Heart failure is a complex clinical syndrome resulting from the impaired ability of the heart to cope with the metabolic needs of the body, resulting in breathlessness, fatigue, and fluid retention.
Approximately half of patients with heart failure have normal, or near-normal, left ventricular ejection fraction and are classified as having heart failure with preserved ejection fraction.
The most common risk factors are advanced age, female sex, hypertension, obesity, chronic kidney disease, diabetes mellitus, and coronary artery disease.
Patients may present with acute decompensated heart failure and are generally managed with diuresis, blood pressure control, and treatment of ischemia and tachyarrhythmia, when present.
No therapy has been shown to improve survival in randomized control trials. Risk factor modification and diuretics where there is evidence of fluid overload are the cornerstones of long-term management.
Heart failure (HF) is a complex clinical syndrome resulting from the impaired ability of the heart to cope with the metabolic needs of the body, resulting in breathlessness, fatigue, and fluid retention.
HFpEF was previously referred to as "diastolic" HF. This was in comparison to "systolic" HF, which corresponded with heart failure with reduced ejection fraction (HFrEF). However, diastolic dysfunction has been shown not to be unique to HFpEF, as evidence of diastolic dysfunction may also be found in systolic heart failure. The term "heart failure with normal ejection fraction" (HFnEF) was used briefly, although newer imaging techniques have confirmed that systolic function in HFpEF patients is not completely normal, with reduced long axis function and extensive but subtle changes on exercise. As the exact range of normal function is difficult to define and the left ventricular function is not thought to be entirely normal in these patients, the term "HFpEF" has now been adopted.
Patients with HFpEF have the clinical signs of heart failure with normal or near-normal left ventricular function and no significant valvular abnormalities (i.e., no significant aortic stenosis or mitral regurgitation). The exact pathophysiology of HFpEF remains uncertain, although impaired isovolumetric ventricular relaxation, decreased left ventricular compliance, and increased left ventricle passive stiffness are consistently reported among all patients. Patients often have overlapping comorbidities, and it has only recently been convincingly demonstrated that HFpEF represents more than a sum of all its comorbidities and is a condition in its own right. HFpEF is likely to be due to diastolic dysfunction, impaired systolic function on exercise, abnormal ventricular-arterial coupling, inflammation and endothelial dysfunction, chronotropic incompetence, altered myocardial energetics and peripheral skeletal muscle metabolism and perfusion, pulmonary hypertension, and renal insufficiency.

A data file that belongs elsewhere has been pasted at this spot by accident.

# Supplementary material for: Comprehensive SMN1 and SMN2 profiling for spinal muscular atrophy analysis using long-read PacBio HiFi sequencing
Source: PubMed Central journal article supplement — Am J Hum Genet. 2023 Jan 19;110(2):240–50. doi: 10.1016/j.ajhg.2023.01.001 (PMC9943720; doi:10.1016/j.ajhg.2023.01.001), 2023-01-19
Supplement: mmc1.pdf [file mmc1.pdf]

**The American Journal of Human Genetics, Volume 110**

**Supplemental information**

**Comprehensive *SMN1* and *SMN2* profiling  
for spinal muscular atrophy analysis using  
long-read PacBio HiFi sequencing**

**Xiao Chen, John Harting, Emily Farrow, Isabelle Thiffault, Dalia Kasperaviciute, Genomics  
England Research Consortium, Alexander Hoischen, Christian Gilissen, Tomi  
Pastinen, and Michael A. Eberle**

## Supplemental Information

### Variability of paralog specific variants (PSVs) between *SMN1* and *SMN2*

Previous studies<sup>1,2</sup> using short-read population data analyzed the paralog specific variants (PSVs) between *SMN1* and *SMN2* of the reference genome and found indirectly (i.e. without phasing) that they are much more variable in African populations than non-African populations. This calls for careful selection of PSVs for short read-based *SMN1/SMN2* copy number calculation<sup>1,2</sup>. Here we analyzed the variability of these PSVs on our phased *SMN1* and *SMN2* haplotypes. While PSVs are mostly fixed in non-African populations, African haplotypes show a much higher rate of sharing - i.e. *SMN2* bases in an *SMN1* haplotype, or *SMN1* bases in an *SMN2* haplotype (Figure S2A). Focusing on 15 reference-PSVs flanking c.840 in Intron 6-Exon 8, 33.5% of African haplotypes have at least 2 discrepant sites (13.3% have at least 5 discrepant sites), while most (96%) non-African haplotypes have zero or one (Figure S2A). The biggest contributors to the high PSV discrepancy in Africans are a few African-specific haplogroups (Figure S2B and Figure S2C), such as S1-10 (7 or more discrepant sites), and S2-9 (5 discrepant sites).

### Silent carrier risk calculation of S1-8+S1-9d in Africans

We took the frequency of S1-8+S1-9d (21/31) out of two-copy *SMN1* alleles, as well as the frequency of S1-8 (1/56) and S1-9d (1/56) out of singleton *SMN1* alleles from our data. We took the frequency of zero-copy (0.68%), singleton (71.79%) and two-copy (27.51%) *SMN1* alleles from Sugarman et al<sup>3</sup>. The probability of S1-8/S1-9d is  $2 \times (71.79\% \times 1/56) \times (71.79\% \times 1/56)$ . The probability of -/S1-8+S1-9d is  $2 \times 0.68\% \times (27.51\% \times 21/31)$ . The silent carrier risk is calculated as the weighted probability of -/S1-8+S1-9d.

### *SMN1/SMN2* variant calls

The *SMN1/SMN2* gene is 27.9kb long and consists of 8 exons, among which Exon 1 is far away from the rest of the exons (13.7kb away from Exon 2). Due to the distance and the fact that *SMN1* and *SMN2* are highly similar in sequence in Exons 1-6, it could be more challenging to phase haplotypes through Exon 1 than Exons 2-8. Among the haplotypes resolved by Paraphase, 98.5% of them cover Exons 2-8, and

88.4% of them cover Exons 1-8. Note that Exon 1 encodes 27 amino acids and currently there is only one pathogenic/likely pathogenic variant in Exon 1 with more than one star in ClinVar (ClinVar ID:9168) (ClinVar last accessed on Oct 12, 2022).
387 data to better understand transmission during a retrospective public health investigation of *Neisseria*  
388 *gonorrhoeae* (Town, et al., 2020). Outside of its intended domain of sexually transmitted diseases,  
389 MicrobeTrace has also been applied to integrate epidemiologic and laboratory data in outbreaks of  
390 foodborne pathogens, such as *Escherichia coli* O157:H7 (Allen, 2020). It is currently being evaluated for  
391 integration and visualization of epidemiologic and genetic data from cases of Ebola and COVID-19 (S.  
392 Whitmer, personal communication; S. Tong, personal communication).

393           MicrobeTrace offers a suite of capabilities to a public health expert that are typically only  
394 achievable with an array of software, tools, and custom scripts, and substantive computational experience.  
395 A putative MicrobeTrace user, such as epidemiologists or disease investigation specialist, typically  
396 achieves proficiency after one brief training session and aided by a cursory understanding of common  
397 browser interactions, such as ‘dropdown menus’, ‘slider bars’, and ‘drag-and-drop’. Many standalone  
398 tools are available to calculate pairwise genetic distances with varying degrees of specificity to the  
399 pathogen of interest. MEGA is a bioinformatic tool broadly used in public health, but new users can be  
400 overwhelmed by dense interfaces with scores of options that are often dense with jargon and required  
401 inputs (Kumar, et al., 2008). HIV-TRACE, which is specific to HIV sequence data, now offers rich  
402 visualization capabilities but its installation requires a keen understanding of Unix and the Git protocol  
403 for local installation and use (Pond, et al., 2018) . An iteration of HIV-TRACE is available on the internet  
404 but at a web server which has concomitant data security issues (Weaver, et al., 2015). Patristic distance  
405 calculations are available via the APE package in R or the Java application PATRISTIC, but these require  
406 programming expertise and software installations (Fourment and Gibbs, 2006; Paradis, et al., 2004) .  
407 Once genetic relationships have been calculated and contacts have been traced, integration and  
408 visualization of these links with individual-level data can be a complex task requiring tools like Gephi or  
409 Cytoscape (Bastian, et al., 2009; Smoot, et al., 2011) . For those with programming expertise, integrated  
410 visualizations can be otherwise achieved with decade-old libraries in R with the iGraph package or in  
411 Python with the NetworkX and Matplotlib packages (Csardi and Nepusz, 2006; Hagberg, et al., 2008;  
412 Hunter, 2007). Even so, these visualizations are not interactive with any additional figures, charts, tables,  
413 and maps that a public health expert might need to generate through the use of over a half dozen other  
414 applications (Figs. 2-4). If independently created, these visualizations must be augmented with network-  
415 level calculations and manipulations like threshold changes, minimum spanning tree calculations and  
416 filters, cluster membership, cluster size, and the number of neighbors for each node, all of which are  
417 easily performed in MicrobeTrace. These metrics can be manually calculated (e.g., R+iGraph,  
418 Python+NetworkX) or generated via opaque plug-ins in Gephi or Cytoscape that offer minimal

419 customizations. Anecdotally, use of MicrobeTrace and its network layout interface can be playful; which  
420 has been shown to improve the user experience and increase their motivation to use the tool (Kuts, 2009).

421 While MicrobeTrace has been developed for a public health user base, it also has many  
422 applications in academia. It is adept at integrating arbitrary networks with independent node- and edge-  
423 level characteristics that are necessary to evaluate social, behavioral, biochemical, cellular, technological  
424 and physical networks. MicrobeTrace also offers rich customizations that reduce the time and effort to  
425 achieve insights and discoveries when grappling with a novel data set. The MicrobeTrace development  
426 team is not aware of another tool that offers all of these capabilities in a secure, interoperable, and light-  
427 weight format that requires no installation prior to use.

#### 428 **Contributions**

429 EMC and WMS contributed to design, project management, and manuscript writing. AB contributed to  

In 2016, the European Society of Cardiology updated their diagnostic guidelines, introducing a third category, heart failure with mid-range ejection fraction (HFmrEF). This resulted in defining HFpEF as patients with symptoms and signs of heart failure, raised natriuretic peptides, left ventricular ejection fraction (LVEF) >50%, and structural heart disease and/or diastolic dysfunction. HFrEF is defined as LVEF <40%, with HFmrEF as LVEF 41% to 49% with structural heart disease and/or diastolic dysfunction.
History and exam
Key diagnostic factors
- exertional dyspnea
Other diagnostic factors
- paroxysmal nocturnal dyspnea
- abdominal fullness
- jugular venous distention
- hepatojugular reflux
- congestive hepatomegaly
- lower extremity edema
- laterally displaced apical impulse
- gallop sounds
- female sex
- age >70 years
- coronary artery disease/ischemia
- diabetes mellitus
- chronic kidney disease
- myocardial and pericardial disorders
- obstructive sleep apnea
1st investigations to order
- serum electrolytes
- renal function tests
- liver enzymes
- B-natriuretic peptide (BNP)/N-terminal prohormone B-natriuretic peptide (NT-pro-BNP)
- 12-lead ECG
- Doppler echocardiography
- tissue Doppler imaging (TDI)
Investigations to consider
- cardiac magnetic resonance (CMR) imaging
- CT angiography
- radionuclide ventriculography (MUGA scan)
- stress testing
- cardiac catheterization and coronary angiography
acute decompensated HFpEF
Gerald Carr-White, PhD, FRCP
Guys and St Thomas’ NHS Foundation Trust
GCW has been reimbursed by Pfizer, Astra Zenica, Bayer, Medtronic, St Jude, and Sanofi for attending conferences. He has attended Advisory Boards for Medtronic, St Jude, Novartis, Shire, Sanofi and Servier, and has a joint working venture with Novartis for a community pharmacist post.
Jessica Webb, BM, BCh, MA, MRCP, FHEA
Cardiology Specialist Registrar
Guys and St Thomas’ NHS Foundation Trust
JW declares that she has no competing interests.
Dr Gerald Carr-White and Dr Jessica Webb would like to gratefully acknowledge Dr Gerard Aurigemma, Dr Lokesh Tejwani, Dr Marc E. Del Rosario, and Dr Kul Aggarwal, previous contributors to this topic. GA, LT, MEDR, and KA declare that they have no competing interests.
Edward Geltman, MD
Professor of Medicine
Washington University School of Medicine
EG has lectured for Novartis, Forest, Merck, and Pfizer.
Jerry Murphy, MB, BS, DM, FRCP
Darlington Memorial Hospital
- Systolic heart failure
- Obstructive lung disease
- Idiopathic pulmonary arterial hypertension
- Chronic heart failure in adults: diagnosis and management
- 2017 ACC/AHA/HFSA focused update of the 2013 ACCF/AHA guideline for the management of heart failure
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